Around this time, we are especially called upon to recognize the miracles in our own lives.  The potential for us to experience shefa (everflowing grace) from H’Shem is always offered to us when we look towards Him in our struggles. We should be thankful to Him for the blessings that we receive every day. Additionally, we should praise Him every day, for He has given us the breath of life; each and every day is an opportunity to lift our voices to Him in appreciation, thanking Him for all that He has given us. 

Carry On

parashas Tetzaveh 5782

“And thou shalt make staves of acacia-wood, and overlay them with gold. And thou shalt put the staves into the rings on the sides of the ark, wherewith to bear the ark. The staves shall be in the rings of the ark; they shall not be taken from it.” – Exodus 25:13-15, JPS 1917 Tanach

On the commandment, “they shall not be removed from it” (Exodus 25:15), R’ Hirsch comments that because the poles that were placed in rings on the sides of the Ark of the Covenant were to always remain there, to carry the Ark, symbolically, this represents that the Torah itself is not bound to any one place; rather, wherever one goes, the teachings are meant to accompany him or her. Thus, G-d’s words are meant to be our companions, so to speak, even as we look towards His presence to guide us.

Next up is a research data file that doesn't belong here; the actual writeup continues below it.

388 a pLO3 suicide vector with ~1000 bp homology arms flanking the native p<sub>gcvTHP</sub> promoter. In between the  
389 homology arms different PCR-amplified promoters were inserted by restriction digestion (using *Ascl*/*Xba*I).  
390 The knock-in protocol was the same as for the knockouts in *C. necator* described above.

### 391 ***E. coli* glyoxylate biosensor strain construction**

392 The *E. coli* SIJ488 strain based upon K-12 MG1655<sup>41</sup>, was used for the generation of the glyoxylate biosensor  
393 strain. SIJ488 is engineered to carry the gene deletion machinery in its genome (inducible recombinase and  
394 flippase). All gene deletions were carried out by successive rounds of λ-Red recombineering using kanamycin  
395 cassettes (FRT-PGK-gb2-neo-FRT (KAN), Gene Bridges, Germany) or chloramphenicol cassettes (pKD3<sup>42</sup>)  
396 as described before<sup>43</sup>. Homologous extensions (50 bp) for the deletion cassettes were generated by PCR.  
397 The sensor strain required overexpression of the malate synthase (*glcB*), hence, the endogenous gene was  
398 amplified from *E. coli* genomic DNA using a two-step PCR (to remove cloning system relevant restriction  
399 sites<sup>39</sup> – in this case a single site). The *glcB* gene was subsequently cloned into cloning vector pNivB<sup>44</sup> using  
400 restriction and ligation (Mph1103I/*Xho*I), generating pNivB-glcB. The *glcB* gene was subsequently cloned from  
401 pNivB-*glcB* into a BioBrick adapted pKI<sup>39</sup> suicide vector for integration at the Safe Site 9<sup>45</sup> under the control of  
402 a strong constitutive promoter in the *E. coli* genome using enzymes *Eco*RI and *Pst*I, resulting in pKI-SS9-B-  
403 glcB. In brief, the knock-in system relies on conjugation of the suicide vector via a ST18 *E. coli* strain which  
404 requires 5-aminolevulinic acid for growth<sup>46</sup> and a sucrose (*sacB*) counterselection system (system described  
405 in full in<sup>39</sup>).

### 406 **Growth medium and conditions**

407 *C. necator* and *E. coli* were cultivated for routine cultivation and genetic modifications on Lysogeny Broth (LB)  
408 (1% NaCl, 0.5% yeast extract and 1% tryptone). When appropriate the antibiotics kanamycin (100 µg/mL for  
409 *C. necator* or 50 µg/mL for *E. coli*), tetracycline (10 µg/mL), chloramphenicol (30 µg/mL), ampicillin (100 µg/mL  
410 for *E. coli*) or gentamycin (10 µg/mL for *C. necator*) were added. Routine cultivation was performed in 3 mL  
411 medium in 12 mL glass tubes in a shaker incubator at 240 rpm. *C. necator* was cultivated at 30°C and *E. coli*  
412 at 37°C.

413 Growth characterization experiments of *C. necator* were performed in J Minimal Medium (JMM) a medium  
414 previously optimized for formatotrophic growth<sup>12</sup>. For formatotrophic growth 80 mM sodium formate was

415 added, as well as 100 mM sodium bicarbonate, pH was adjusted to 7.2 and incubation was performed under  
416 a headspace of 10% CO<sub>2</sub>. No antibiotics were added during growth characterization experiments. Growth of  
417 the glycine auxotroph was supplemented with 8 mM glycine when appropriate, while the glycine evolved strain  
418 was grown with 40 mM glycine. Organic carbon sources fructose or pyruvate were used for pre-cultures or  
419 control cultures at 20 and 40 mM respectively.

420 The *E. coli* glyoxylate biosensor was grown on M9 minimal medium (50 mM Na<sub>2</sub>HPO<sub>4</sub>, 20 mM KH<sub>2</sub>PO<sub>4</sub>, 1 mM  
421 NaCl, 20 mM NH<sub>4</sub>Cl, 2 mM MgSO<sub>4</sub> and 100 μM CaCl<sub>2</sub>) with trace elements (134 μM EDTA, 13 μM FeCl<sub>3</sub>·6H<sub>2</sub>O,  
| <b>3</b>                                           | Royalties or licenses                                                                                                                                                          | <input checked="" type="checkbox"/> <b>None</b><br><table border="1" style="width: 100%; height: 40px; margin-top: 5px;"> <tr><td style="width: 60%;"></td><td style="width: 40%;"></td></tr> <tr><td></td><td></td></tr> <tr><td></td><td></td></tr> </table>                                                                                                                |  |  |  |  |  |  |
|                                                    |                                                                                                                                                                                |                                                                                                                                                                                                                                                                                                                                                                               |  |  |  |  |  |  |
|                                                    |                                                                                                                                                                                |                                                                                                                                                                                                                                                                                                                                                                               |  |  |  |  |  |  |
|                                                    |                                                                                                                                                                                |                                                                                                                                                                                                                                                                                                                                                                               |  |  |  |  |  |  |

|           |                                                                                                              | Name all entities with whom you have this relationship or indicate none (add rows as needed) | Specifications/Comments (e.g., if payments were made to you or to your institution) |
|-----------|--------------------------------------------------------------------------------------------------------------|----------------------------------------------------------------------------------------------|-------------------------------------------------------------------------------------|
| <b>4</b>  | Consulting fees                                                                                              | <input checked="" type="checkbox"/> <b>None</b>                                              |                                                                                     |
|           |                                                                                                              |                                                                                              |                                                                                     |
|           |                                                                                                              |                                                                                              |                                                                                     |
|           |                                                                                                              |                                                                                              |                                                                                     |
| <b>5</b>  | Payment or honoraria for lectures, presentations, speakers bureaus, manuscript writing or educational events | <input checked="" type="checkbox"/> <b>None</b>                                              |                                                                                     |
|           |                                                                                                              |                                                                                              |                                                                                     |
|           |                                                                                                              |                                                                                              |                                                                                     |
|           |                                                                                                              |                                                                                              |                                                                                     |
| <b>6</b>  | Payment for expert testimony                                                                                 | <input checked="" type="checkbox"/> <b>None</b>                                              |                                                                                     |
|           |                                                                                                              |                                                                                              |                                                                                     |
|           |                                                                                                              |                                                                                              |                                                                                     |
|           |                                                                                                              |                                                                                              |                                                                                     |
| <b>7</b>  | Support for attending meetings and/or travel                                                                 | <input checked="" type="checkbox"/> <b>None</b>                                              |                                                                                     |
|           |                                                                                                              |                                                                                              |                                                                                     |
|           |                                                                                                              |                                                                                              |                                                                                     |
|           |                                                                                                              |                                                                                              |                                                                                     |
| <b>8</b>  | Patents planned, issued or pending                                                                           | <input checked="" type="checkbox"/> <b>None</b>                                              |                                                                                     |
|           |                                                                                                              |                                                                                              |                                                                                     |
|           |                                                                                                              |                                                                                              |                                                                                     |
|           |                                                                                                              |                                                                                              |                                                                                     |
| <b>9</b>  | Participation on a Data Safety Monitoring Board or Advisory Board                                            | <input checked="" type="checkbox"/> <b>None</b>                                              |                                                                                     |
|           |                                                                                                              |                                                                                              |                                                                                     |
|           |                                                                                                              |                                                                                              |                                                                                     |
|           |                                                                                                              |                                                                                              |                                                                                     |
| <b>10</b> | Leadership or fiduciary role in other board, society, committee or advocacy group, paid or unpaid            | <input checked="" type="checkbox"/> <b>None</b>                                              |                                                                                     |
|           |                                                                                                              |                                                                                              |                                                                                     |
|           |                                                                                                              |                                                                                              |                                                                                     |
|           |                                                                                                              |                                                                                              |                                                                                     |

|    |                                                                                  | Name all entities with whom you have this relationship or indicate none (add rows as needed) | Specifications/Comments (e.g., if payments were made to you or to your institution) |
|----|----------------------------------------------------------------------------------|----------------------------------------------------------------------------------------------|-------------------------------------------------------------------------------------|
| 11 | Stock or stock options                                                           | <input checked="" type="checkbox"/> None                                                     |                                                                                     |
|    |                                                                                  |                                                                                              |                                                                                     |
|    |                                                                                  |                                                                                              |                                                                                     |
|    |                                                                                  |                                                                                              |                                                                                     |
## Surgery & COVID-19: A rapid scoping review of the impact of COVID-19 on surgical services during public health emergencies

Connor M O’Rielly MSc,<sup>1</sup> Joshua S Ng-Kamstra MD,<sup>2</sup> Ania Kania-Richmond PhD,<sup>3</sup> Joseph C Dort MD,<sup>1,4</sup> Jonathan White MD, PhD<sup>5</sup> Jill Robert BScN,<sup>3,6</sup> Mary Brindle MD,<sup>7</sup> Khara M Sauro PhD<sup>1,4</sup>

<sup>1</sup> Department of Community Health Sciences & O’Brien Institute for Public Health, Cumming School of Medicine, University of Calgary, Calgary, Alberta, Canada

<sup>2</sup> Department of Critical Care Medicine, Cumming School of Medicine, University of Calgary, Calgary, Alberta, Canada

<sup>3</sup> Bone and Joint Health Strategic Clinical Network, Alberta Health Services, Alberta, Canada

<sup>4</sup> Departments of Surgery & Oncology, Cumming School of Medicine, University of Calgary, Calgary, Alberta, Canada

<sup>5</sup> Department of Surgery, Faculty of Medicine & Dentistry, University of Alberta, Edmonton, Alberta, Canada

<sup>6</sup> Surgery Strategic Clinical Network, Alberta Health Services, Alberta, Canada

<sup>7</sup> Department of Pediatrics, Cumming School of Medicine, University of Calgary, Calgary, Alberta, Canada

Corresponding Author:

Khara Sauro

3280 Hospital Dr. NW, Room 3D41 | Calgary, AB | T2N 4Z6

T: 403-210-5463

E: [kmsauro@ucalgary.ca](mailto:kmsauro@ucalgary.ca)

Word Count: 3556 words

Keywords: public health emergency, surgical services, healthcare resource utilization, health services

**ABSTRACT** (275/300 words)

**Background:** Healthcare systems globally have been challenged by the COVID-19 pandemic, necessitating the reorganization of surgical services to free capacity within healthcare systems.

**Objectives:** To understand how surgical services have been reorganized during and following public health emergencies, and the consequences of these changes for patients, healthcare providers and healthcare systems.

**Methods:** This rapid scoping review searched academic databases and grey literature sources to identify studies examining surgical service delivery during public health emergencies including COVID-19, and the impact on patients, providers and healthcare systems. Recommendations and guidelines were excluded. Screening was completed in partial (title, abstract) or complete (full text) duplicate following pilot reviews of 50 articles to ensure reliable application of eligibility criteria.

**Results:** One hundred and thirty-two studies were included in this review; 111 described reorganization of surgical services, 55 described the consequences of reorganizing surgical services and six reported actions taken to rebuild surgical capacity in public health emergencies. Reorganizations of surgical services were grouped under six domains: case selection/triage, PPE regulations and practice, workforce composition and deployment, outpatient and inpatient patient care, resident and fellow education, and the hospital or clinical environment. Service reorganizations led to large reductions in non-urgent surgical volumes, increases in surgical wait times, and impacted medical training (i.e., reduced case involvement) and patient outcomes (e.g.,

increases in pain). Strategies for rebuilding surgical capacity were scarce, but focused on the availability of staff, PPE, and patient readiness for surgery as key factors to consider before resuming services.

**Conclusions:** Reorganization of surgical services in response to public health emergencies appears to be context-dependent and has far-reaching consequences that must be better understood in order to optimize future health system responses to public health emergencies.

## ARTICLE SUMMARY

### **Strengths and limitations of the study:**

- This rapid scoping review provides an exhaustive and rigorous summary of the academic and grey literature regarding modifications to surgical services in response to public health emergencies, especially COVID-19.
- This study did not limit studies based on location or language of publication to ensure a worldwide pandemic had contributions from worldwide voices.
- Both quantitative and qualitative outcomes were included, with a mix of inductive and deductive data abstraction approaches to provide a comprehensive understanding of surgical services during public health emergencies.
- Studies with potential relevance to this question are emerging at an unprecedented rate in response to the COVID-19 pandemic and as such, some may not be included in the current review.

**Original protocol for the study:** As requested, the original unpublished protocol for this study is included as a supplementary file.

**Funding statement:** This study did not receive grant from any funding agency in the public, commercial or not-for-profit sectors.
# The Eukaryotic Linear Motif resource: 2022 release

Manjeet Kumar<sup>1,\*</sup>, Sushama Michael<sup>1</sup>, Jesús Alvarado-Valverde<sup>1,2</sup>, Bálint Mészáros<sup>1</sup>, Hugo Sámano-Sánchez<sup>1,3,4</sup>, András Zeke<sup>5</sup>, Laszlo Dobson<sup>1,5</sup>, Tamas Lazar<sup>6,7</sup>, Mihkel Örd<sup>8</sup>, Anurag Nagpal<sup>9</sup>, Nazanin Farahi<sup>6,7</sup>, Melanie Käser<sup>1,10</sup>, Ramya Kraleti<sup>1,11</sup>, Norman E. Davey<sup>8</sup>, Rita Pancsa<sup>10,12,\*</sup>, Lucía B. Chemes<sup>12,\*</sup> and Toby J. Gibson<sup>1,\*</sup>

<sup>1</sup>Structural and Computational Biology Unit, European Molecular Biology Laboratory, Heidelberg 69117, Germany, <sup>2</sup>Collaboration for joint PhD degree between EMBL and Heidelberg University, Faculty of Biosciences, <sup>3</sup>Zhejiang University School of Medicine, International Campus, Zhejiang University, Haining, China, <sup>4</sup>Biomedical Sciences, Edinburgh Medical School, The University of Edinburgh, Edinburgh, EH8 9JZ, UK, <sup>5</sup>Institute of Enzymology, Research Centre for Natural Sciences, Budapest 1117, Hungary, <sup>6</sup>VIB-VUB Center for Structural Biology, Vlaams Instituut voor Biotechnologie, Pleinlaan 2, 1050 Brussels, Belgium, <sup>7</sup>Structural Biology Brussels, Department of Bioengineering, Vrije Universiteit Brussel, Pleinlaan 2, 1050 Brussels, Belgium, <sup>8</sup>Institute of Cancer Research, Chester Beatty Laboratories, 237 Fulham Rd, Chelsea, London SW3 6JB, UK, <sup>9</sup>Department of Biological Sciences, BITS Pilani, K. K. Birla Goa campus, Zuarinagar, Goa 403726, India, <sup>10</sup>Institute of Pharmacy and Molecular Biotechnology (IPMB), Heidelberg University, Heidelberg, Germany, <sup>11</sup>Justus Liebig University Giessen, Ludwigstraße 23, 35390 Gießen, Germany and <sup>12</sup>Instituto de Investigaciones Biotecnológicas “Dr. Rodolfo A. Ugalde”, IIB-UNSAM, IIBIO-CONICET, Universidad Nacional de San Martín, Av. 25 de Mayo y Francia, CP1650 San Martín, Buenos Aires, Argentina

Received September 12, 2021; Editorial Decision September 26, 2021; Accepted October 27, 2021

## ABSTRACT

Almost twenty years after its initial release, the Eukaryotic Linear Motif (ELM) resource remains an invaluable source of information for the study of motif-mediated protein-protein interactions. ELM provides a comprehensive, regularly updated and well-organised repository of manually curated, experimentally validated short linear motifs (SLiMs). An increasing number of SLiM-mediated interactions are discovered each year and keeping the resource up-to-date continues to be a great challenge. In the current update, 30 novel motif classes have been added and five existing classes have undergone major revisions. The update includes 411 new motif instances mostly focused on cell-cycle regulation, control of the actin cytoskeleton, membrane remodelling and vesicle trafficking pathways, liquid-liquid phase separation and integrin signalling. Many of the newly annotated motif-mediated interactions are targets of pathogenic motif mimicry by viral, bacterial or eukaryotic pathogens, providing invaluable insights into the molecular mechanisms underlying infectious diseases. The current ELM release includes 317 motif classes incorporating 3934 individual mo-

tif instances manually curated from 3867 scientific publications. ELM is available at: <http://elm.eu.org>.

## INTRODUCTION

I would proffer, that the same idea holds true, chronologically, that the veracity of Torah carries its own weight, and holds true across the ages. Thus G-d’s commandments should be no less compelling today, then they were on the day that they were given at Sinai. Yet, even so, many forces in society tug at the heartstrings of the average human being, attempting to lure one’s understanding away from the truth. We are challenged to remain steadfast, by not going along with the zeitgeist; rather, that we remain loyal to G-d, even though many people may view the commandments as passé, a relic of the past.

G-d’s words through Moses and the prophets, as well as all throughout all of kitvei kodesh (holy scripture) are a moral compass, especially in times of tumult and confusion. Without the express knowledge of the pure unadulterated truth, how can mankind even know left from right, up from down, or good from evil? In general, we would not even know what direction we are headed, unless we have the “divine blueprint of life” to guide us along the way. So, let us not stray from the path, nor err in our judgment, as we encounter various elements in society that are not in accord with the truth. For, truth is not relative; rather, truth is an essential constant, like a compass always pointing in one direction.

Sanctification of the Self

parashas Terumah 5782 – A Model of Sanctification